Key points to remember from the changes made by the CAA to the Bankruptcy Code; No provision of the Law on the extension of care increasing eligibility in subchapter V


The Consolidated Appropriations Act (CAA), one of the most important bills ever passed by Congress, was enacted on December 27, 2020. In addition to providing funding and additional relief from COVID, the CAA contains several changes to Title 11 of the Bankruptcy Code to provide temporary relief and flexibility to debtors, landlords, tenants and sellers who have been materially affected by the ongoing COVID-19 pandemic.

The main points to remember for changes to the Bankruptcy Code are as follows:

  1. Extension of late rent for small business debtors.

CAA amends Section 365 (d) of the Bankruptcy Code for Small Business Debtors in Subchapter V to allow an additional 60 days to pay rent (this is in addition to the 60 day period currently allowed under subchapter V), when a small business debtor has experienced and continues to experience significant financial hardship related to COVID. These deferred obligations can now be paid over time according to plan (as opposed to the day the company comes out of bankruptcy). (sunset after 2 years, December 27, 2022).

  1. Extended period for assuming or rejecting leases.

For all Chapter 13 bankruptcy cases, under the CAA, debtors now have 210 days to assume or reject a lease (and, as before, can request an additional 90-day extension). This gives tenant-debtors 300 days (instead of 210 days) to try to find a viable exit strategy from bankruptcy. (sunset after 2 years, December 27, 2022).

  1. Protection preferably for certain owners and suppliers.

CAA helps homeowners and merchants who have provided assistance to their tenants and customers by prohibiting a debtor from avoiding payments resulting from a deferral of payments agreement. To be eligible, (a) the debtor and owner / supplier must have entered into a binding lease or contract prior to filing the bankruptcy case, (b) they must have amended the lease or contract after March 13, 2020, and (c) the amendment must have deferred or deferred payments otherwise due under the lease or contract. This amendment should encourage owners and suppliers to work with counterparties in difficulty, it being understood that the deferred or reduced payments negotiated will not be subject to preferential recovery. (sunset after 2 years, December 27, 2022)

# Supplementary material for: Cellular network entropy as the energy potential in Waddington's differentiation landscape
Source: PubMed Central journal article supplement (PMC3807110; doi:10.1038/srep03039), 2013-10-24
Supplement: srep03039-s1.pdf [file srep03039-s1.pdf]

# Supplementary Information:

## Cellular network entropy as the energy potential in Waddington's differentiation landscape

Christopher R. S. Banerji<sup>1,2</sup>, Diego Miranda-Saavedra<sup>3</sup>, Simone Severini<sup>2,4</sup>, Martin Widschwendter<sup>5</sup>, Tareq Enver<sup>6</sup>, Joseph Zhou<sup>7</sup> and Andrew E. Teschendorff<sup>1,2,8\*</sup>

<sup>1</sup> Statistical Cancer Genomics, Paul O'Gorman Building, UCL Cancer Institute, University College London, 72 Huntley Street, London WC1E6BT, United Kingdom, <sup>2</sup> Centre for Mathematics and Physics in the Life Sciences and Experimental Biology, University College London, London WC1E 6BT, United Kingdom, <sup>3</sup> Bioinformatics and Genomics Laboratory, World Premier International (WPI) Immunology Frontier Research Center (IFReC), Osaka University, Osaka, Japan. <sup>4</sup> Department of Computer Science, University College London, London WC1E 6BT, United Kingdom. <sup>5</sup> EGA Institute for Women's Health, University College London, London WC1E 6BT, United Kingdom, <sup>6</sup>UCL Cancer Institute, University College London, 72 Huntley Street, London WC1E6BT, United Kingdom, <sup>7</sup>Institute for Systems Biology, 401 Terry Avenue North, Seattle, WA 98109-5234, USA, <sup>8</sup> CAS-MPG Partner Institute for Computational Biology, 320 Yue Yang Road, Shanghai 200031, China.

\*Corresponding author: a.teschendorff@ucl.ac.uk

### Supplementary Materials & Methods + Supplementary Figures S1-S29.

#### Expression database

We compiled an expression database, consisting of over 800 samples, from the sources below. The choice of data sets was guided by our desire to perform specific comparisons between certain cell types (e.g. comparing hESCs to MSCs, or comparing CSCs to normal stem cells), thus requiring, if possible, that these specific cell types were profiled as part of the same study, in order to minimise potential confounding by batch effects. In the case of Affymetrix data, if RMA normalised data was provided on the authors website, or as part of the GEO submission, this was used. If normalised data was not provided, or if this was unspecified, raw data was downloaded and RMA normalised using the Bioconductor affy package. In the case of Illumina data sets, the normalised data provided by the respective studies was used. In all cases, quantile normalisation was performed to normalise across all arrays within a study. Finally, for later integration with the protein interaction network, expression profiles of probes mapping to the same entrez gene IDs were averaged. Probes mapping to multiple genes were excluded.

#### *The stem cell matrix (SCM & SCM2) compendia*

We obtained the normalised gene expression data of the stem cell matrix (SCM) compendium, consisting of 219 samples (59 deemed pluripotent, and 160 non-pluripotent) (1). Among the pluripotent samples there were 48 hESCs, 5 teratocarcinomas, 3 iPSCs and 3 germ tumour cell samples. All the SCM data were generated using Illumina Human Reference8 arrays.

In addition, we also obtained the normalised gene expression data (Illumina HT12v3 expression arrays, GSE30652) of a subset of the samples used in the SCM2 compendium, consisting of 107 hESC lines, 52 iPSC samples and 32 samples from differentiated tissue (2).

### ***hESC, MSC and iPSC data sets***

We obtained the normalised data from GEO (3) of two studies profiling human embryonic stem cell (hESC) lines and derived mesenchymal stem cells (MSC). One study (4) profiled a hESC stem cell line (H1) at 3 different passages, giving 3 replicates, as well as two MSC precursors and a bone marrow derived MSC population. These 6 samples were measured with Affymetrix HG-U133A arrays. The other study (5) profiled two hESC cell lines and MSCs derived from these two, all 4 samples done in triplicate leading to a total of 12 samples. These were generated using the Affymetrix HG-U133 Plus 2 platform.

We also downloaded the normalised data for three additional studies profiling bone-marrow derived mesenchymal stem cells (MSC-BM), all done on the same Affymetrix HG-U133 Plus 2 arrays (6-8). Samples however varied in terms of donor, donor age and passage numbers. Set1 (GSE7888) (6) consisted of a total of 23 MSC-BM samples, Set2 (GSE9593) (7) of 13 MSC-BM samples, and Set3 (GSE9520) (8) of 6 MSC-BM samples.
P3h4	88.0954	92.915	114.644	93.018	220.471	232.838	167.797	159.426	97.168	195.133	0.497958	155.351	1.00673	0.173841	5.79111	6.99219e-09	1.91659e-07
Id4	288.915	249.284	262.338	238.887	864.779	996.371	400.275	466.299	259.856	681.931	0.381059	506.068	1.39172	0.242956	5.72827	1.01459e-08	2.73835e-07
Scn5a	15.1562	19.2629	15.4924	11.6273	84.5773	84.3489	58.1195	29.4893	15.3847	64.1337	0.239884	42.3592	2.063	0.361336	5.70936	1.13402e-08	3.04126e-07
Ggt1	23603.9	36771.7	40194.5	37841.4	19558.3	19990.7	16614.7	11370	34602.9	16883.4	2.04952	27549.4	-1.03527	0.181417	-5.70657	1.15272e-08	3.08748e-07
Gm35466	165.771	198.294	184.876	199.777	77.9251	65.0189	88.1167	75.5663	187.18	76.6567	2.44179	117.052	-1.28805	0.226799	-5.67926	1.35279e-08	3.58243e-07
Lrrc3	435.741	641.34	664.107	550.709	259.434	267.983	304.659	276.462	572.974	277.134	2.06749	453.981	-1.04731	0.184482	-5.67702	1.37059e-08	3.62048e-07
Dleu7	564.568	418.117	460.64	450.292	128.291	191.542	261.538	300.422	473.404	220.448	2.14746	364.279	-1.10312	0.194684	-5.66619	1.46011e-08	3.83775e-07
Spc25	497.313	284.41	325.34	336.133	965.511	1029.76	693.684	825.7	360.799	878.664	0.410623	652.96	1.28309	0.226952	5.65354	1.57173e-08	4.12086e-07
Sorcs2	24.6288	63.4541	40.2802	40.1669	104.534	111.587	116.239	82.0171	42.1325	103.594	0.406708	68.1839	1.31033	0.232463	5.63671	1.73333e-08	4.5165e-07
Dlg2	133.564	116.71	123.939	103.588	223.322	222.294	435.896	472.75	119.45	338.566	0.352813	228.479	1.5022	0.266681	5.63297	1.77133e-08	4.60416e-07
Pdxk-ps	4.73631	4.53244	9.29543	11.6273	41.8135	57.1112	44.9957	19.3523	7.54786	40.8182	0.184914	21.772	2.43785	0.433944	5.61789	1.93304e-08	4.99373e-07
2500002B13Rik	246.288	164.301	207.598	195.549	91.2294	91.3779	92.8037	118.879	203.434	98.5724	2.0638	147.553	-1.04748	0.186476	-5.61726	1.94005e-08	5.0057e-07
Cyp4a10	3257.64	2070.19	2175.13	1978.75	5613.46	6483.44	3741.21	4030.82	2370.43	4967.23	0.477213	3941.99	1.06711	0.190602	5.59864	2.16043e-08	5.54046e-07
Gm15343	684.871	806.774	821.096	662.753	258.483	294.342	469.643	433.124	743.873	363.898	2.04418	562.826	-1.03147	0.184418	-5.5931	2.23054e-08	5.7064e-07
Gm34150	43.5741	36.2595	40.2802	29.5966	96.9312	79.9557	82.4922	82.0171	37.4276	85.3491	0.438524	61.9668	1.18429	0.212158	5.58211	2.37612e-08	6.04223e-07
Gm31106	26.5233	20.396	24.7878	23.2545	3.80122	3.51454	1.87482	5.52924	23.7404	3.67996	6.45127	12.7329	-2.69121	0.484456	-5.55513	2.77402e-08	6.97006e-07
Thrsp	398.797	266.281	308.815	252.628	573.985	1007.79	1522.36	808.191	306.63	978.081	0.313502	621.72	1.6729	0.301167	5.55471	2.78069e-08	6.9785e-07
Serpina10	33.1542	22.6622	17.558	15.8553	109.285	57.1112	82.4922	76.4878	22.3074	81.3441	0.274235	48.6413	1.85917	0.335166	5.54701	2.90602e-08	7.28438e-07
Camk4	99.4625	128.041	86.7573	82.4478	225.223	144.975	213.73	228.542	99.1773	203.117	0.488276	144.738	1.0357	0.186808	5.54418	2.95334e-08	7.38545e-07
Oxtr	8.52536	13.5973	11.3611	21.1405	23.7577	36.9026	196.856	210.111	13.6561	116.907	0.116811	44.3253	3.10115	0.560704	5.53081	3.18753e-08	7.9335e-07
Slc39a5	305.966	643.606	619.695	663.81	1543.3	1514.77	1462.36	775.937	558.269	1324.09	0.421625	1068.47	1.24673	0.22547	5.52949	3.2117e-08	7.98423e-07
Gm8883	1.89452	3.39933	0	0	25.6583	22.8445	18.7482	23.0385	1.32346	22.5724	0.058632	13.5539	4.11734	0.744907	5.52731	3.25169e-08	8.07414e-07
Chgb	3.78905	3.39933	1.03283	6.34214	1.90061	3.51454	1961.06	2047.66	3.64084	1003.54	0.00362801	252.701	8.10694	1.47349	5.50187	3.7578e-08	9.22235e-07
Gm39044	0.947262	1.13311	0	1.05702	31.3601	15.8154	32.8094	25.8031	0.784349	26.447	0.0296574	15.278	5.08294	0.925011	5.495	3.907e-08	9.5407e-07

1. PPP Loans For Small Business Debtors?

The CAA contains provisions for subchapter V debtors to obtain PPP loans, but these provisions will only come into effect at the sole discretion of the administrator of the SBA. Currently, the courts are divided over a debtor’s eligibility for a PPP loan.

  1. Changes in consumption.

The CAA also includes temporary changes that primarily impact consumer bankruptcy cases, including:

  • change the time limit for the loan manager to file a proof of claim;
  • protect federal coronavirus relief payments to mass bankruptcy taxpayers;
  • give a court more discretion to grant discharge to Chapter 13 debtors in cases where a debtor defaults on a home loan;
  • extend protection against discriminatory treatment against debtors who have filed for bankruptcy to enable those debtors to obtain mortgage forbearance relief or other mortgage-related assistance under the CARES Act; and
  • provide relief from the obligation to make a utility deposit to avoid termination of services.

Previous changes to the SBRA debt limit not extended

Certain provisions of the Bankruptcy Code which were recently modified as part of the previous relaunch cycle (which we previously written on) are likely to expire. More importantly, the CARES Act increased the debt ceiling for small business debtors in Subchapter V from $ 2,725,625.00 to $ 7,500,000.00. This change significantly broadened the universe of potential small business debtors who could use the many advantages of subchapter V of the Bankruptcy Code.

However, this provision will expire on March 27, 2021. Unless Congress acts quickly, a significant number of small businesses will no longer be able to file under subchapter V of the Bankruptcy Code. Businesses that continue to experience financial difficulty may consider their options before the March 2021 expiration to ensure they can still take advantage of Subchapter V.

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